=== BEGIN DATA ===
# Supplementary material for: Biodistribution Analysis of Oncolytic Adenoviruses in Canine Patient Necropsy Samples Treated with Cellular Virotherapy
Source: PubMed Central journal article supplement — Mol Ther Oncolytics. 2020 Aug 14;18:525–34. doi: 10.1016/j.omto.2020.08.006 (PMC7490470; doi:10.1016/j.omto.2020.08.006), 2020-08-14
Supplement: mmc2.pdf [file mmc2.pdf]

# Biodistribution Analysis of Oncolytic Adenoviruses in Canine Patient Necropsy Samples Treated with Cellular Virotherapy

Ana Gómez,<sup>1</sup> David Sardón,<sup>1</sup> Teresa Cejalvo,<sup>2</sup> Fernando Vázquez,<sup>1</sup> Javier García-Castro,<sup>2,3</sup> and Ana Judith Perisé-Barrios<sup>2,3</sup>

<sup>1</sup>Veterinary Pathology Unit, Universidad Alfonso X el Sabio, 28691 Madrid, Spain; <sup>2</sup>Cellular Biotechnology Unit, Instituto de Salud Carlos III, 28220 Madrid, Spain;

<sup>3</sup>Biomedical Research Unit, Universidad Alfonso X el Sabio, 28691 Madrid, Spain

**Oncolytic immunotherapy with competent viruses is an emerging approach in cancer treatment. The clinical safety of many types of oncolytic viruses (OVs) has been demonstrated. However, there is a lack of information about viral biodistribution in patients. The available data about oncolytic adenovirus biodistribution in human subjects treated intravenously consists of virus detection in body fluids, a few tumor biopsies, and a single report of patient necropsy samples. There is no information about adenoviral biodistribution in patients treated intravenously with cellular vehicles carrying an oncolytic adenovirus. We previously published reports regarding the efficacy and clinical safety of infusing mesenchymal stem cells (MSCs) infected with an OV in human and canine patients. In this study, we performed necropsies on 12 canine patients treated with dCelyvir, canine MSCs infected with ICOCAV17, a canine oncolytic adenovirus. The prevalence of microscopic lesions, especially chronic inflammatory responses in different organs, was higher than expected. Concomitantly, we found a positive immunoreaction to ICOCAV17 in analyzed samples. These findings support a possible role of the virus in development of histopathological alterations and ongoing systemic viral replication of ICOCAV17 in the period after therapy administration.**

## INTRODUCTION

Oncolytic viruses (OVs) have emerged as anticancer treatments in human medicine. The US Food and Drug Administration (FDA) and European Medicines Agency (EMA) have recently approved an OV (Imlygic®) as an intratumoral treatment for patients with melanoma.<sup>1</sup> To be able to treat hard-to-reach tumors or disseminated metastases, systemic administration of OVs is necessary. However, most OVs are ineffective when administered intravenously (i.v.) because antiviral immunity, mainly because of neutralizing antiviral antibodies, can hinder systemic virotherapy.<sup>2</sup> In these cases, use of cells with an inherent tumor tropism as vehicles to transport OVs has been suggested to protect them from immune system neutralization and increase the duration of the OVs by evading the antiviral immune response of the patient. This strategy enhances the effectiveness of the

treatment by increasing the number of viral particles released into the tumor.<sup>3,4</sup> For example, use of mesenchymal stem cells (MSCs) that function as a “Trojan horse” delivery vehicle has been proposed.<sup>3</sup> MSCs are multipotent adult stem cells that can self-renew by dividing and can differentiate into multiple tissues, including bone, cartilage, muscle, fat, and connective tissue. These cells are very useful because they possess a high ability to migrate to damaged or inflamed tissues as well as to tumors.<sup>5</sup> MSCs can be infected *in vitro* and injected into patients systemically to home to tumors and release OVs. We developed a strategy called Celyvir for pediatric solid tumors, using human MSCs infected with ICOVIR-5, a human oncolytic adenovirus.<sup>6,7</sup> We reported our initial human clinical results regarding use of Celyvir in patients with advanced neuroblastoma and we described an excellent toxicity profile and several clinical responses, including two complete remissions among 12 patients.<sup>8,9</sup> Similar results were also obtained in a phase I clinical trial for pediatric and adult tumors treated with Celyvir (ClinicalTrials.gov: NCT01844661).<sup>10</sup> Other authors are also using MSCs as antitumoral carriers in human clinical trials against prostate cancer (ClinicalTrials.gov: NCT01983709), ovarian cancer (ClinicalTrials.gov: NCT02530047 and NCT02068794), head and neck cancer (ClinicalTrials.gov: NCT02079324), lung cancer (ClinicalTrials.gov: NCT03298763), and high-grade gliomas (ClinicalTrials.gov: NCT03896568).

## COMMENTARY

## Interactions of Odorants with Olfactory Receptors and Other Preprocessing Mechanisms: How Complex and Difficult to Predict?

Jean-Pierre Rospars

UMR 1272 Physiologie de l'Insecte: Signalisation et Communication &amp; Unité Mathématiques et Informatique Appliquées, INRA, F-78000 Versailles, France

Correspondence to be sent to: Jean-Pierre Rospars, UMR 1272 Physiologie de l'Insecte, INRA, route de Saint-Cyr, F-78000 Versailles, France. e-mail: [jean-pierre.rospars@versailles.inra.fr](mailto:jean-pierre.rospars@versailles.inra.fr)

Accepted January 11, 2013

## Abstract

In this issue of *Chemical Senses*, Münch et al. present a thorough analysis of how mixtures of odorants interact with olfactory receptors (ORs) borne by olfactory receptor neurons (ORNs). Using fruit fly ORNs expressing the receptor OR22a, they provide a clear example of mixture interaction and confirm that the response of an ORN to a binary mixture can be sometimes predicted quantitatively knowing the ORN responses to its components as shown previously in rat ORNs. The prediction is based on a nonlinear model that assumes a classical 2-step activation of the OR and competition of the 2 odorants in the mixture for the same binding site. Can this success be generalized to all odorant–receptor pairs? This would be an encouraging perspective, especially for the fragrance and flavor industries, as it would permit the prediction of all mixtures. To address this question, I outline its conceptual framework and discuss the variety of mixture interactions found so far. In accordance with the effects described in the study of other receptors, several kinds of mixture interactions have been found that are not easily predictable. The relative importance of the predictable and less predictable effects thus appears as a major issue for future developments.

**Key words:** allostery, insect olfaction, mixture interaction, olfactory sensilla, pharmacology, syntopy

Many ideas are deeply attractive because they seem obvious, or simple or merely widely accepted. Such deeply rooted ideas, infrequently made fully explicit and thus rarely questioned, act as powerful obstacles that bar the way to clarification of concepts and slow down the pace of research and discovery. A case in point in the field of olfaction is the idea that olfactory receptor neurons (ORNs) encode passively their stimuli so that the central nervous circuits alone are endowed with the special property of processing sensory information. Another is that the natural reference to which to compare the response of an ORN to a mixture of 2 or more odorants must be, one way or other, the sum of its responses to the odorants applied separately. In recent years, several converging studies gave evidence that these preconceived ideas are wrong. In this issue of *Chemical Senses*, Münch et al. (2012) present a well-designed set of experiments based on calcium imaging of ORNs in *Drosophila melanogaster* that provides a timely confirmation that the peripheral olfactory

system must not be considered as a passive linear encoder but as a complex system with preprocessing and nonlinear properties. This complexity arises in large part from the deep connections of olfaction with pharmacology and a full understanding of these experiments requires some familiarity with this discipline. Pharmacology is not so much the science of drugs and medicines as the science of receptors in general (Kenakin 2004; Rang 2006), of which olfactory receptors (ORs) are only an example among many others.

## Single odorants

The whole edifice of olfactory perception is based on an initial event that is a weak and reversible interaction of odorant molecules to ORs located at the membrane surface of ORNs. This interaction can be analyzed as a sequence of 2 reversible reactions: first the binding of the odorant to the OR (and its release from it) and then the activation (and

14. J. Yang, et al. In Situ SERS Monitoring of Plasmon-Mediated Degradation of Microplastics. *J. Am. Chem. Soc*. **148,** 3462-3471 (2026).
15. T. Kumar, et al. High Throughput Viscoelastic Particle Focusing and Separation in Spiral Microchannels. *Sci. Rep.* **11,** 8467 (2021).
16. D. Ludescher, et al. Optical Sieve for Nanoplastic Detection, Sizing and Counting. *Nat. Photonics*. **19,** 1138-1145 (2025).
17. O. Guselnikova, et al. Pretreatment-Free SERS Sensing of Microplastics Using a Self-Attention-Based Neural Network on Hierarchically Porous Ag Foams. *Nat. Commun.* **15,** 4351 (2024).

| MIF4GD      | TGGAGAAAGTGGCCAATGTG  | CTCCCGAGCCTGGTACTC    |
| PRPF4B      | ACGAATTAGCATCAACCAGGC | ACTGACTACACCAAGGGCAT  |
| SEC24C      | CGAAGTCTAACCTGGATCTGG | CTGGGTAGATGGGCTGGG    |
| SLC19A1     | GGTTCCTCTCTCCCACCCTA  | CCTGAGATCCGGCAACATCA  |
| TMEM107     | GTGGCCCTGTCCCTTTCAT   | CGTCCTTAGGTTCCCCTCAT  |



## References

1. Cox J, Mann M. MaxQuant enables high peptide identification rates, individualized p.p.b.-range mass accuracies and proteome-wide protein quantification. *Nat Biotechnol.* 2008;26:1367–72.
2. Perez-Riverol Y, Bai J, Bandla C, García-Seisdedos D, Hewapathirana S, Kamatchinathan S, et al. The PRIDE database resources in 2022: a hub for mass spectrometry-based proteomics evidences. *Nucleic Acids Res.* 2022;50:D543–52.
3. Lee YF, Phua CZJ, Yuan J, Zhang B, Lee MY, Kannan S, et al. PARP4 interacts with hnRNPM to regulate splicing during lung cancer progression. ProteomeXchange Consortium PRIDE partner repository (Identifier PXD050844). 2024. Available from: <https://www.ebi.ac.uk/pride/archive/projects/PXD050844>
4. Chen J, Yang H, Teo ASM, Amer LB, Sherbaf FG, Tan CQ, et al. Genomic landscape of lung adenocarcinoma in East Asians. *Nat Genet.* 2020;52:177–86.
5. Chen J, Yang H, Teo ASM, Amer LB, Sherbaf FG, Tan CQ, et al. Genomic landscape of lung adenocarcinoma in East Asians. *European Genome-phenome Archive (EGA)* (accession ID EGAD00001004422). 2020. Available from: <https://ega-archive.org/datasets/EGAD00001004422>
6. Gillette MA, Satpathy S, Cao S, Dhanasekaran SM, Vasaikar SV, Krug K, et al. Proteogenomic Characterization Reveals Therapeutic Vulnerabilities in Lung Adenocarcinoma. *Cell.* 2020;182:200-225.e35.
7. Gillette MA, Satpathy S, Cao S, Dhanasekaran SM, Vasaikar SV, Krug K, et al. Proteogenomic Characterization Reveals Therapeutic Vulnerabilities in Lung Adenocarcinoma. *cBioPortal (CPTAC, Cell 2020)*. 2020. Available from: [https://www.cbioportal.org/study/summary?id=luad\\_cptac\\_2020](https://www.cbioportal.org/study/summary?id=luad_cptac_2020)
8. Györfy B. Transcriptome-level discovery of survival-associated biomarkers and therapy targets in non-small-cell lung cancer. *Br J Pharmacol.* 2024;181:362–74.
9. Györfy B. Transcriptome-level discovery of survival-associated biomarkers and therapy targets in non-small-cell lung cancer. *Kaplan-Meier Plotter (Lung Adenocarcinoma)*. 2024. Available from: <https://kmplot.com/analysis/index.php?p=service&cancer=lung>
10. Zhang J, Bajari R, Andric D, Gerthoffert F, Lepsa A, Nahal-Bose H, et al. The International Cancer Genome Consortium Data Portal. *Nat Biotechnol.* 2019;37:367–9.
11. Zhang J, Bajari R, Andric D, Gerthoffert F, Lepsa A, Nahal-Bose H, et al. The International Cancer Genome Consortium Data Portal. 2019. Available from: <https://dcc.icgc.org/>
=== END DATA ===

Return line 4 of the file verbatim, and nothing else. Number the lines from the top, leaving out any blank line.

# Biodistribution Analysis of Oncolytic Adenoviruses in Canine Patient Necropsy Samples Treated with Cellular Virotherapy